Galantino, politics and the Church
That’s enough to be sad about, don’t you think? But on top of that we have – and this is what concerned “Big Shot” yesterday – the TV interview of Bishop Galantino [President of the Italian Bishops’ Conference], who said, among other things, “Whenever the Church has addressed the theme of immigration, she has always addressed the theme of stories, of faces, and of migrant persons. It has not addressed the political problem because politics don’t belong to [the work of] bishops or the Pope.” Does this seem to you like it corresponds to reality? I have strong doubts, because not only at the time of the [Christian Democratic Party] have we seen a similar adherence of the leadership of the Italian Bishops’ Conference to one political party. And, alas, it is not easy to get away from the idea that apart from the ideological closeness to a party which has passed laws contrary to Christian values, which is in itself extraordinary enough, there is also a thick slice of political interest in all this. But even if the intentions were as white as snow, the Italian bishops, without “playing politics” ought to speak a political word, and how. They ought, as pastors of a specific people entrusted to their care, say to the government that it is not licit to support and encourage migration policies without rules, indiscriminately, and become essentially accomplices in the phenomenon of human trafficking. The bishops ought to remember that they cannot meddle in this alchemy without running the risk, sooner or later, of an explosion. Perhaps they ought to listen to what the bishops and governments of Africa are saying on this issue, and value it, and not hide themselves behind the comfortable minimalism of individual stories, on which we can all agree. They ought to – if they had stature, responsibility, and capacity. Now you know why this a sad bestiary.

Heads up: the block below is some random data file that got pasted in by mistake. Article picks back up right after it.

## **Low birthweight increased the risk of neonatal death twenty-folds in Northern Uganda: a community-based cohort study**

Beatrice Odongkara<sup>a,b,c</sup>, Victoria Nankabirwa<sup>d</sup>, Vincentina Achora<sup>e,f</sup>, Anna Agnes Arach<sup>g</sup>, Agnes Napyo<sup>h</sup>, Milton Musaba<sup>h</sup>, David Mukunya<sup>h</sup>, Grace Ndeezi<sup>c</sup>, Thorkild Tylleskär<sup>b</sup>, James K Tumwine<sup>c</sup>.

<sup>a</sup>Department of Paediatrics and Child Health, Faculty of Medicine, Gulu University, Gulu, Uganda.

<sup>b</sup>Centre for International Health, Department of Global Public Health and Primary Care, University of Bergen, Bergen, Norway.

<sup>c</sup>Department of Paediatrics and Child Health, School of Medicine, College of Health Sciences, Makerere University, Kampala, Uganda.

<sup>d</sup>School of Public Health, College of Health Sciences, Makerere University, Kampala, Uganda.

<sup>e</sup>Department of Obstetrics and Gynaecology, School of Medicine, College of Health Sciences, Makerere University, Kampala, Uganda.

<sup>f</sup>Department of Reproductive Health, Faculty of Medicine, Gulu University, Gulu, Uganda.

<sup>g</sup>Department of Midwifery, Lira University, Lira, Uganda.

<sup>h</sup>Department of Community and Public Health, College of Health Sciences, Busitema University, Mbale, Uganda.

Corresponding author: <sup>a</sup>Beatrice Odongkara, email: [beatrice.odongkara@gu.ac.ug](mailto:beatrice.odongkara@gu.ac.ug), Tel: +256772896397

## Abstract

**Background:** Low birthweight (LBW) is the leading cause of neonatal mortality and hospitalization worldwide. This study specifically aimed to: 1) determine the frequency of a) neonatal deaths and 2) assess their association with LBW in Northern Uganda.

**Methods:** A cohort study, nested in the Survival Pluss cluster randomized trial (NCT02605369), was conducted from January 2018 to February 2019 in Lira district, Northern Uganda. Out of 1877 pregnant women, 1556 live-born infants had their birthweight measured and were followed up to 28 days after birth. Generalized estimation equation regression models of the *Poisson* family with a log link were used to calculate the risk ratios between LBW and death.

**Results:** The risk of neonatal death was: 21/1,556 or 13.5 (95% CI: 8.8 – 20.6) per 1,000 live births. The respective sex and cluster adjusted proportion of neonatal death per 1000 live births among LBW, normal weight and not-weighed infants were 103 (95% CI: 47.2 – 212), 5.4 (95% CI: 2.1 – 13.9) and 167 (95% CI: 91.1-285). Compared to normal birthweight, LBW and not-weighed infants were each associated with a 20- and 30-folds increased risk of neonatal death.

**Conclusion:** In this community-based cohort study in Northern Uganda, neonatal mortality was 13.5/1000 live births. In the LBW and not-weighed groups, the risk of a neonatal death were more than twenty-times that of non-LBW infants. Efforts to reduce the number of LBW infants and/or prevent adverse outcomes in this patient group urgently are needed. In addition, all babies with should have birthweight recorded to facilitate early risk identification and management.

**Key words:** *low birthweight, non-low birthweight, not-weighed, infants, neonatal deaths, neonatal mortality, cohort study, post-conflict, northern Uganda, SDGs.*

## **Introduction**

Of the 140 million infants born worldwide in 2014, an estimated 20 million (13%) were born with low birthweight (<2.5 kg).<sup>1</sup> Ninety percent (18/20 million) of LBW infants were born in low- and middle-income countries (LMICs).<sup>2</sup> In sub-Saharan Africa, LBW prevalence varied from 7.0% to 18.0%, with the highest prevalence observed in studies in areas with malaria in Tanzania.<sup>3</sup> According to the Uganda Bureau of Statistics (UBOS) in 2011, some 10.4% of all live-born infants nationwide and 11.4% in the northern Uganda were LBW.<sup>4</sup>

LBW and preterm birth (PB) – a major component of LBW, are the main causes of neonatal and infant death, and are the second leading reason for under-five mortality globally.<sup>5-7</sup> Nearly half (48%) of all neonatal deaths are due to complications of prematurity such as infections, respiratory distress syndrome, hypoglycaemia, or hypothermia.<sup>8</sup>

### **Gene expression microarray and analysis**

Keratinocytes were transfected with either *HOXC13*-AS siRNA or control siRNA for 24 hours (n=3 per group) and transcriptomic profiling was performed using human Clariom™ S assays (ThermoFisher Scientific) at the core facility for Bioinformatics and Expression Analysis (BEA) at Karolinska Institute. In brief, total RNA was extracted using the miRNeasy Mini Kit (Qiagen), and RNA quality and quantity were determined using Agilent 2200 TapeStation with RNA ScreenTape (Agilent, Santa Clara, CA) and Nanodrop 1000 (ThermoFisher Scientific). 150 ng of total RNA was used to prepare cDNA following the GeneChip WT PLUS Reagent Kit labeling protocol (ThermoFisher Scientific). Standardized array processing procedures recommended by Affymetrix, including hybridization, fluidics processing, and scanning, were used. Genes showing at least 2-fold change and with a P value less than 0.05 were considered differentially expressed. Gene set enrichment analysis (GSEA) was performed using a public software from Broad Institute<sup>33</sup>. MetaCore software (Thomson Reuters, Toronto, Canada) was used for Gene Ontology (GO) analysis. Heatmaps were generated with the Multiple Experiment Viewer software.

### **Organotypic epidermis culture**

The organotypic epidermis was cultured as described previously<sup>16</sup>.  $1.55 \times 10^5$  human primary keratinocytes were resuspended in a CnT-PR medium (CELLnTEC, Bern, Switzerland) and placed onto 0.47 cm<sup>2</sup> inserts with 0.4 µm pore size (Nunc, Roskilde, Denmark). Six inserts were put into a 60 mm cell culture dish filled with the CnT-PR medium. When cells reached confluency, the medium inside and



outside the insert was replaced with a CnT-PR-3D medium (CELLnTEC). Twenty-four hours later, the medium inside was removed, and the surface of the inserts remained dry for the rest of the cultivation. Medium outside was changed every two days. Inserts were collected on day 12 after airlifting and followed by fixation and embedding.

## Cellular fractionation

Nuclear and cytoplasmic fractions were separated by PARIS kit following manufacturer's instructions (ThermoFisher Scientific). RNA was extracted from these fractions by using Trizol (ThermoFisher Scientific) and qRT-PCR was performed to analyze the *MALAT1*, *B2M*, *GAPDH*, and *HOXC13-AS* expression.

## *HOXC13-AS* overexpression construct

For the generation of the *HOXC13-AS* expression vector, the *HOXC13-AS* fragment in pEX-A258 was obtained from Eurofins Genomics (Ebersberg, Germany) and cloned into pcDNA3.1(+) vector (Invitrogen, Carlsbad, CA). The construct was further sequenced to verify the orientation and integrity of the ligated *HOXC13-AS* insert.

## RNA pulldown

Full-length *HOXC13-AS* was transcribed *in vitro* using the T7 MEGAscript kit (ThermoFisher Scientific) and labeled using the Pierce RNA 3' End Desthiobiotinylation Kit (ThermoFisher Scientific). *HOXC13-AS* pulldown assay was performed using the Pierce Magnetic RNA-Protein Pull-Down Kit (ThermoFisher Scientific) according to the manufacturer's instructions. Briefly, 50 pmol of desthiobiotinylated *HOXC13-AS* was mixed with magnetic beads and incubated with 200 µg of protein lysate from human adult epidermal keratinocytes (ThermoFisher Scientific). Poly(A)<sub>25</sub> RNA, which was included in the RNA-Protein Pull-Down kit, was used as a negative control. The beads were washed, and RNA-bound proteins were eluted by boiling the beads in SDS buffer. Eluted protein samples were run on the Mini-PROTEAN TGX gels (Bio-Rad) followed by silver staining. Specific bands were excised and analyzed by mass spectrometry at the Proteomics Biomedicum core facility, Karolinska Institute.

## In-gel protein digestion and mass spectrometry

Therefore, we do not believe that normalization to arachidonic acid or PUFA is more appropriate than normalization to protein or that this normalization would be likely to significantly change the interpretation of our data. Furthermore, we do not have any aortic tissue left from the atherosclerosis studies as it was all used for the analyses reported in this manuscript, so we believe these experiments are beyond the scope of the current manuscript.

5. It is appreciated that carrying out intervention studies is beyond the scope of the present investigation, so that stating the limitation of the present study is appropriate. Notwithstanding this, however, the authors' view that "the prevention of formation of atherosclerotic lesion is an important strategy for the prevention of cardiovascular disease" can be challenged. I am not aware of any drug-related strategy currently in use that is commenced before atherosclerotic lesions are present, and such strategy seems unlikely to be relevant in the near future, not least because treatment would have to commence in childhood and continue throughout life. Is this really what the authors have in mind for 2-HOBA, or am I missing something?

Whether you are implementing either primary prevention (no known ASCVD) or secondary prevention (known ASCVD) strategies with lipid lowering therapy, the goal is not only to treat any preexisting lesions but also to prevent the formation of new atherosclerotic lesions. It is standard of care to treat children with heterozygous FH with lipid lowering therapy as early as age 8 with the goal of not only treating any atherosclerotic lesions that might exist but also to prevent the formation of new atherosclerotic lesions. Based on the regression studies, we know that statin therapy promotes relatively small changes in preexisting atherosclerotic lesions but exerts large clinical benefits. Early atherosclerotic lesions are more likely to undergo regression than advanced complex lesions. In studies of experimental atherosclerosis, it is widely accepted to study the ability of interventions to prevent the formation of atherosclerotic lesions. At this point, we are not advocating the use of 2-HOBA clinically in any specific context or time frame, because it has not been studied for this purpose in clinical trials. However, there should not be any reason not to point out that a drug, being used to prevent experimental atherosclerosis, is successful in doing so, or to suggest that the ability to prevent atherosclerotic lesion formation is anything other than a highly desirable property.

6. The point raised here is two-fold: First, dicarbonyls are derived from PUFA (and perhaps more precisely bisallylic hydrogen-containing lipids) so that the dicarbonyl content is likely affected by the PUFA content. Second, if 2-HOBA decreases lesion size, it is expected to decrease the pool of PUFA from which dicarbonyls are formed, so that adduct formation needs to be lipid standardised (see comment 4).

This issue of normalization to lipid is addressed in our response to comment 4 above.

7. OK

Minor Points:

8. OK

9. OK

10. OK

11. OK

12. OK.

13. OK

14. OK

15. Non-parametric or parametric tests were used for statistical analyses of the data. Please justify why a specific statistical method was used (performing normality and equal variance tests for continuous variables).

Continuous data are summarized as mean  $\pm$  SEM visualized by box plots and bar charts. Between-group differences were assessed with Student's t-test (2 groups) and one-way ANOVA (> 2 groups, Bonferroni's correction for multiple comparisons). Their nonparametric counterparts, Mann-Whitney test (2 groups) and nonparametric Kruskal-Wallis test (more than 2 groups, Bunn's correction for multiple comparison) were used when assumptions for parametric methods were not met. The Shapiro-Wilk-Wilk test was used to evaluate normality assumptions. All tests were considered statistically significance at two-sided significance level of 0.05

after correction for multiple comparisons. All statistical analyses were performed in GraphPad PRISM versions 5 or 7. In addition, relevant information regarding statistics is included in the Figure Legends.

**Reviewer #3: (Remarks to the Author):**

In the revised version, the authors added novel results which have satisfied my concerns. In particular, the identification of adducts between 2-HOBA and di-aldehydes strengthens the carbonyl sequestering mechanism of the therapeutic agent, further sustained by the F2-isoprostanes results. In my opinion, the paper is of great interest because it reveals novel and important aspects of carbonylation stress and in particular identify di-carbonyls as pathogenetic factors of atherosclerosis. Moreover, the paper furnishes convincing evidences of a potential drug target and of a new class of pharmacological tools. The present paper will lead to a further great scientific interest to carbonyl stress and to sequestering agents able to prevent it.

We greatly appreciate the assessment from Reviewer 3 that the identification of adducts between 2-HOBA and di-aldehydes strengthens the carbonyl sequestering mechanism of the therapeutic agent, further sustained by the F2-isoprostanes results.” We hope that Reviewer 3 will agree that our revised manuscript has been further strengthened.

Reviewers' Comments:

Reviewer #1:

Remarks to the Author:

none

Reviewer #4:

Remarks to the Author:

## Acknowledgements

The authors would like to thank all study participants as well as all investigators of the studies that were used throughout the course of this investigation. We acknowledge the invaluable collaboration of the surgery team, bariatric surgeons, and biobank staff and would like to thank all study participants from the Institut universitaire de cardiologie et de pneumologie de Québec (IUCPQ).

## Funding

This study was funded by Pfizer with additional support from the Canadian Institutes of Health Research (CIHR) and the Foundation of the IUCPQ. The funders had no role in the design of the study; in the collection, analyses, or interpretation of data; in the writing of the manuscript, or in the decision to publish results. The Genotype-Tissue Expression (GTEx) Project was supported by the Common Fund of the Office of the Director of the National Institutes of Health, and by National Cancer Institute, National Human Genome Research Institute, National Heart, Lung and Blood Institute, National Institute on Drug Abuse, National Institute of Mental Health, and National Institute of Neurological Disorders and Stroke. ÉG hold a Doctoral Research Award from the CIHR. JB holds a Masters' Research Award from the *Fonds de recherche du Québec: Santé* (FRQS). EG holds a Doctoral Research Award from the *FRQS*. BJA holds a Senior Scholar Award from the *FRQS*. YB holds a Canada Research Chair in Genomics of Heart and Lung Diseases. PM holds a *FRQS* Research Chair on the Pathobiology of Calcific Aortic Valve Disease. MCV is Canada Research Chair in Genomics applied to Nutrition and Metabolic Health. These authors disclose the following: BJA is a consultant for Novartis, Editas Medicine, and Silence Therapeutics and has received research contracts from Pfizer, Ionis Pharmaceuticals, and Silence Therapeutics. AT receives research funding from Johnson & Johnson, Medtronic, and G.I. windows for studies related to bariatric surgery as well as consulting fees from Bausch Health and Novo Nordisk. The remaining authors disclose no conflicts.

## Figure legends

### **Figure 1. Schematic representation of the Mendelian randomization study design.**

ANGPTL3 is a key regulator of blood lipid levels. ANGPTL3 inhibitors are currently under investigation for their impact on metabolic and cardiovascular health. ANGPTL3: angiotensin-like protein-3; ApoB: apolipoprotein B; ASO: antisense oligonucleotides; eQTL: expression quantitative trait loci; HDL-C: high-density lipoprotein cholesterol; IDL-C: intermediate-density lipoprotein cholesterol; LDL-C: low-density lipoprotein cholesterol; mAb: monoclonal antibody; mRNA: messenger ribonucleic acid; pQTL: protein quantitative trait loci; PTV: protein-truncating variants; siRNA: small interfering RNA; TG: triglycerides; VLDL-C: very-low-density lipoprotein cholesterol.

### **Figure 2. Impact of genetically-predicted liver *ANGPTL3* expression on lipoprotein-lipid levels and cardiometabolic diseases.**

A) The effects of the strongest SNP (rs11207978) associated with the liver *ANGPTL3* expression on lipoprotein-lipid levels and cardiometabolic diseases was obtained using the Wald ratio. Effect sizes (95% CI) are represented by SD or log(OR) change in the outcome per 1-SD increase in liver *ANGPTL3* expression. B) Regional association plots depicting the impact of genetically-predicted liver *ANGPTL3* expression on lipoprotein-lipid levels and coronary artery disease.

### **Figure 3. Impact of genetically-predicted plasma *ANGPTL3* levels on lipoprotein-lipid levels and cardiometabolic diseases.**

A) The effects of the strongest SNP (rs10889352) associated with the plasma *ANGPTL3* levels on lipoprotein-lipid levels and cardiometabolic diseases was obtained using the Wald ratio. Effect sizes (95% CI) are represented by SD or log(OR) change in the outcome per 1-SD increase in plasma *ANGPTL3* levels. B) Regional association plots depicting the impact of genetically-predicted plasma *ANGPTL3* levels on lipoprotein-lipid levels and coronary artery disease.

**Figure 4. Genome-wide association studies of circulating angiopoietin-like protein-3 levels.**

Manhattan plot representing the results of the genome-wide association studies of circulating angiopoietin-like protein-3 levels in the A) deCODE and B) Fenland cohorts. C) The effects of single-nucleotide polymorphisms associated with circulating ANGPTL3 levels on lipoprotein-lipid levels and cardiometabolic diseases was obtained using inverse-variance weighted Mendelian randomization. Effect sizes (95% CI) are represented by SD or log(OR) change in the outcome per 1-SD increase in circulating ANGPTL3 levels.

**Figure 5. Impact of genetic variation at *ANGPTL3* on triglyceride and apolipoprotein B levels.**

Originally published in Italian at MarcoTosatti.com. Translated by Giuseppe Pellegrino
Marco Tosatti is a renowned Italian journalist and Vatican expert. He has been covering the Holy See since 1981. His written work appears in La Stampa and La Nuova Bussola Quotidiana. He is the author of several books, including The Prophecy of Fatima and Investigation of the Holy Shroud. He blogs at Marcotosatti.com.